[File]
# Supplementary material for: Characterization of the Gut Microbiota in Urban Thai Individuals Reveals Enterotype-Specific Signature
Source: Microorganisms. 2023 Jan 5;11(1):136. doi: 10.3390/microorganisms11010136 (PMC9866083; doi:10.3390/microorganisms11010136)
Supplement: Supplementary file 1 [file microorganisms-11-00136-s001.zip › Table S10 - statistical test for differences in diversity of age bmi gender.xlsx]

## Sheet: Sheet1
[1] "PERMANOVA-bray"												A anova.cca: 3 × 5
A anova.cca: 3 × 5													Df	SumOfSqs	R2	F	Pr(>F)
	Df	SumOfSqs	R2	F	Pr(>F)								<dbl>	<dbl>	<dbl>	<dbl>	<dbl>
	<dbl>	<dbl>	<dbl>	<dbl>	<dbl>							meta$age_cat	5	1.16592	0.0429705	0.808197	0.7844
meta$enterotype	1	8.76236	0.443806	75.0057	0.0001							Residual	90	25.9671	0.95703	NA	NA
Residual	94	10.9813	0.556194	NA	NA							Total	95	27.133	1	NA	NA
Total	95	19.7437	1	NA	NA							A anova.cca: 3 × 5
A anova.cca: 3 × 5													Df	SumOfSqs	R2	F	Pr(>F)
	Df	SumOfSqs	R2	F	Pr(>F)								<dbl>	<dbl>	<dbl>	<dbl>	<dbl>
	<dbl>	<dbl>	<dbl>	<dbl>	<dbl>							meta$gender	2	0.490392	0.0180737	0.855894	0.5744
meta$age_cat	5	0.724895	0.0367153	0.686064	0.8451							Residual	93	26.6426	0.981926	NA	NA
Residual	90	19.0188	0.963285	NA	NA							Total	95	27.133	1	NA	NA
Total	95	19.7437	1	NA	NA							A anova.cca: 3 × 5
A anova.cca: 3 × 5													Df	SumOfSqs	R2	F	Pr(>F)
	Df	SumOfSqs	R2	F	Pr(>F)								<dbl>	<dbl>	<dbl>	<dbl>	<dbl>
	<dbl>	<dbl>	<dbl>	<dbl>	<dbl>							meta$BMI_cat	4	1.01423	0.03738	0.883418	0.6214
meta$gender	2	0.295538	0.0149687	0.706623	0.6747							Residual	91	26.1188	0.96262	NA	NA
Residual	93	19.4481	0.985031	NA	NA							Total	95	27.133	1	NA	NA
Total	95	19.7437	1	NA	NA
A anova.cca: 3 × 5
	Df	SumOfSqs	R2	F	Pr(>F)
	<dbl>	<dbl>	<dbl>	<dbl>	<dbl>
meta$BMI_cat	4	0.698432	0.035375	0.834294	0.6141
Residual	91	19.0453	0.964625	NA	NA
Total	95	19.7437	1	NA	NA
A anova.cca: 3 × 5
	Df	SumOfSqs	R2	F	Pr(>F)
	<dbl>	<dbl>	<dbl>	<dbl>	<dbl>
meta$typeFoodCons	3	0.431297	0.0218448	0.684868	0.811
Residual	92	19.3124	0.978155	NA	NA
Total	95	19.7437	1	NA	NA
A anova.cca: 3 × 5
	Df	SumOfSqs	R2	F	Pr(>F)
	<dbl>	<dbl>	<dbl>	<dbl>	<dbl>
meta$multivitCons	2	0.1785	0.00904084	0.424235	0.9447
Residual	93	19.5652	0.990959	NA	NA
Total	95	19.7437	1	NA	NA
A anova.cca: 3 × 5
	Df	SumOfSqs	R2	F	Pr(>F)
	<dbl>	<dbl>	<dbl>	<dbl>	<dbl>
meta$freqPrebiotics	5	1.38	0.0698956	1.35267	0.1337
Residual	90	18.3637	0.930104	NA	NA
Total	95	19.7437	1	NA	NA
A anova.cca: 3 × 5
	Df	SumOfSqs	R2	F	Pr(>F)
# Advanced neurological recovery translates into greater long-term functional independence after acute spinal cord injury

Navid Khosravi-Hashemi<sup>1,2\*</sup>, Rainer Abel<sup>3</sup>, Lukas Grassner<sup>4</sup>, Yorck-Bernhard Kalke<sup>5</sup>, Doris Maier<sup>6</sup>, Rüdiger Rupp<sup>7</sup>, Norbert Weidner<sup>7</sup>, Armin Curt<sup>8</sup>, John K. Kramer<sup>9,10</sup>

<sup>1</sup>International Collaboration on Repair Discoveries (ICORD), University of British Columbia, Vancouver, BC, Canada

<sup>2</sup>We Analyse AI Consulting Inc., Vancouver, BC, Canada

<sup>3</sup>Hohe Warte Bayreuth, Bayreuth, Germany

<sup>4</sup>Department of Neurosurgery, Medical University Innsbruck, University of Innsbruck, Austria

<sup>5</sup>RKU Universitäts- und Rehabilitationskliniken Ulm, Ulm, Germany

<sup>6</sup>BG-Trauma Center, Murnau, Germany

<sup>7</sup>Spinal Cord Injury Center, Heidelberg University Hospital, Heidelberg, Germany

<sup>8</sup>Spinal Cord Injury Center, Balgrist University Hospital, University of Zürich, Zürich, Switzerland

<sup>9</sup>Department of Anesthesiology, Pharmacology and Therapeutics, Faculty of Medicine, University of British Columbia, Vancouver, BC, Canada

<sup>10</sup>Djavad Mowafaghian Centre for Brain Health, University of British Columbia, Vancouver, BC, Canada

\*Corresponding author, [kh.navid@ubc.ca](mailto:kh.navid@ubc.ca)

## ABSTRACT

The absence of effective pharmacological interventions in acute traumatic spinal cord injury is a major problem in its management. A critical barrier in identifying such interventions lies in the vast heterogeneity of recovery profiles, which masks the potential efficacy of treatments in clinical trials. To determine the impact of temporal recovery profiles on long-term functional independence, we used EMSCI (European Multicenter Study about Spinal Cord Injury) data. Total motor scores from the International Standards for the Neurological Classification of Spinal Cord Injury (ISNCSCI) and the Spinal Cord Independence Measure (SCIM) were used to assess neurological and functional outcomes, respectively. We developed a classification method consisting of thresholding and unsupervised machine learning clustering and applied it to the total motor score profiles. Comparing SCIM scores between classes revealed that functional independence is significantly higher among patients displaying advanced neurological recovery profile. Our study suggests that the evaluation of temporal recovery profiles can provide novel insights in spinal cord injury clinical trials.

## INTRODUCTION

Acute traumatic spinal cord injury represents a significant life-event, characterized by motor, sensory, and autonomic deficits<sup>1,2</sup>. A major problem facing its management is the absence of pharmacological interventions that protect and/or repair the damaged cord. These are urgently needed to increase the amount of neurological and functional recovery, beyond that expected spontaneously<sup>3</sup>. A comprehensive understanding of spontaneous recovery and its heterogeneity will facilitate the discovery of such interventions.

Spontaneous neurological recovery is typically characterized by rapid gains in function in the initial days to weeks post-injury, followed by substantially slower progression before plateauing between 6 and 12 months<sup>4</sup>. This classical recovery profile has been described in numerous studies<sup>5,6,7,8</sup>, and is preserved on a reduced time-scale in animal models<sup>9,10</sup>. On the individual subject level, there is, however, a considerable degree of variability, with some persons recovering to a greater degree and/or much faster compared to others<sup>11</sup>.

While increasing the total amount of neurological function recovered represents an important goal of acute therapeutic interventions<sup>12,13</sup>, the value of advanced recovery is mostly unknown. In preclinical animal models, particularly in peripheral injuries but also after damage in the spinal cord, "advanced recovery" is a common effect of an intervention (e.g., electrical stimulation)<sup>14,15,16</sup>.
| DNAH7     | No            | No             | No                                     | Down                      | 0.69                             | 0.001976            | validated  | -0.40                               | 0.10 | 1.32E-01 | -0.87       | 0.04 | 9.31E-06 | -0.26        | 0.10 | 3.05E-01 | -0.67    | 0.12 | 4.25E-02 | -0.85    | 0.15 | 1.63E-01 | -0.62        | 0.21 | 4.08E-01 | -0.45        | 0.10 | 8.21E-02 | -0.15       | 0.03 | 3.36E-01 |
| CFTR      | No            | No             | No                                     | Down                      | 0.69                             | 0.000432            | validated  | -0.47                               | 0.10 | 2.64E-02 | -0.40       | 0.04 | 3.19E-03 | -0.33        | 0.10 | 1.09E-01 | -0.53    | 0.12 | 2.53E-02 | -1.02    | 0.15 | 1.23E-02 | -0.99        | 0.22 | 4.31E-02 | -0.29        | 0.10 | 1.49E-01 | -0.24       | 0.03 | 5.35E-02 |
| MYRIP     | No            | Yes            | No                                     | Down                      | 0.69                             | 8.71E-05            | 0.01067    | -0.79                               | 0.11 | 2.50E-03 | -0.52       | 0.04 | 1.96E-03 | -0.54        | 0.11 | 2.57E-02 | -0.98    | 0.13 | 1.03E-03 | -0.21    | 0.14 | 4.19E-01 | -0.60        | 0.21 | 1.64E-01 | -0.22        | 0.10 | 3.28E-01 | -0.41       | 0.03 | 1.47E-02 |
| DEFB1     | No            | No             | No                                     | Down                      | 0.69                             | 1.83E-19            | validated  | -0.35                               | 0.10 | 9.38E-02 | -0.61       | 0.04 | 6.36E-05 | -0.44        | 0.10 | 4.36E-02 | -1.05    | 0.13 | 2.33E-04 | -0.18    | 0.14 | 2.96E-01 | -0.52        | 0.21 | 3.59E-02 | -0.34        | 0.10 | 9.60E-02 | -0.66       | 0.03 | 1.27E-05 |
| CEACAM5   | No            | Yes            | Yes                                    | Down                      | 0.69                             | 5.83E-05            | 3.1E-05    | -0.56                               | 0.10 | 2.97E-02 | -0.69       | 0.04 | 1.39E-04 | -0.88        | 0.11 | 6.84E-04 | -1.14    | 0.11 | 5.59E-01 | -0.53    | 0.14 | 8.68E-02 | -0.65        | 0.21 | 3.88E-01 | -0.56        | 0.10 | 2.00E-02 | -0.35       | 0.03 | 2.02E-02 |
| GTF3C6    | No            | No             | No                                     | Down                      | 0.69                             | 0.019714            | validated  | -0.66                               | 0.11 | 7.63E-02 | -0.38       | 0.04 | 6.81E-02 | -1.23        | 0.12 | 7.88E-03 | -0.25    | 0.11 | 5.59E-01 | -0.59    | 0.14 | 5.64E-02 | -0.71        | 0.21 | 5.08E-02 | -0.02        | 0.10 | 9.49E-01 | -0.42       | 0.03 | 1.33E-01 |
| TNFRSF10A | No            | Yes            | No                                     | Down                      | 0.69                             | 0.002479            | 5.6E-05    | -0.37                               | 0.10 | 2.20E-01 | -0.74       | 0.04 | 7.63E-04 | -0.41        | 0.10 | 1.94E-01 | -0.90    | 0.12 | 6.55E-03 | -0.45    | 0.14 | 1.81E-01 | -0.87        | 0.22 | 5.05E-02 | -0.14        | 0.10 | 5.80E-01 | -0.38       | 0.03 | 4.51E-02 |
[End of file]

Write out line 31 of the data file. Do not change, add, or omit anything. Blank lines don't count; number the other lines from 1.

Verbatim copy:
	Df	SumOfSqs	R2	F	Pr(>F)